Teaching English immersion courses in Canada provides a great opportunity to learn how to teach English to people from all over the world. Most of my students are from South Korea, Japan, Brazil, Colombia, Mexico, Turkey, or Saudi Arabia, so there is a wide spectrum of accents to work with during a pronunciation class. This challenge presented a great opportunity for me to search deeper into TESOL methodology. Here are 6 tips on how to teach English pronunciation in a multilingual class.
-About the Author: Clare completed our 140-hour TESOL Certificate Course with Practicum–
Although China, Japan, and South Korea are the most popular teaching destinations because it is easy to get a teaching job with just a university degree and an accredited TESOL certificate, the recruitment process can take up to 4 months. Here is a list of countries where you can just show up and start teaching English!
Many people ask us if you need to know the foreign language to teach abroad. The answer is no, because those who use the Communicative Approach to teach English using English only. Speaking your students’ foreign language is not necessary to do you teaching job, but it is very valuable for your experience in the classroom and in your host country.
Here is a series of articles written by OnTESOL graduates to tell you how speaking a foreign language can help you in a big way. You will also find articles written by our TESOL trainers that explain when it is acceptable to use L1 (Your students’ mother language) in the ESL classroom and how to use it properly.
Teaching English with the Abu Dhabi Education Council (ADEC) has been a life-changing experience. The summer of 2010 was a really dispiriting time as I was facing the prospect of unemployment in the United States just as I began my career as a certified English teacher. I had applied for only the few positions that matched my credentials and experience and interviewed, unsuccessfully, for only two (one among over a thousand candidates for each job). That’s when I decided to cast a wider net and landed my current position in the UAE.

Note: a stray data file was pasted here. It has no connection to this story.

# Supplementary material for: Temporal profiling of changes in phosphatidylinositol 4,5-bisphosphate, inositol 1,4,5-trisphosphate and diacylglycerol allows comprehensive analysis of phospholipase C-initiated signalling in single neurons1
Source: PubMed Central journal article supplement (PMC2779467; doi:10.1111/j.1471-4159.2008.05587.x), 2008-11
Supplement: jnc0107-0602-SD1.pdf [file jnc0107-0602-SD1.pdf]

About the author: Greg completed the 250-hour TESOL Diploma and has more than 5 years of experience in the United Arab Emirates.
I’ve been teaching English in Japan for three years with the JET Programme, and I love every minute of it! Teaching abroad comes with challenges, so I will use this blog to review my experience with the JET Programme as well as share some TEFL activities that have worked well with my students and give you tips to work better with your Japanese co-teacher. Enjoy!
This week I had to stand in for one of the teachers that takes care of young learners (because she was sick). To prepare the class, I followed my tutor’s advice and recommendations and some instructions on the TEYL handbook (and of course TPR, TBL and ALM methodology). I must admit that I was pleasantly surprised about the outcome: the students were engaged 2 hours (non-stop!). It was very nice to see their reaction after the 2 hours when I said that the lesson had ended: “Oh! That’s it?! Already?!”.
Since this experience, I am incorporating TPR also to TBL lessons with older students (to consolidate what we have learned so far).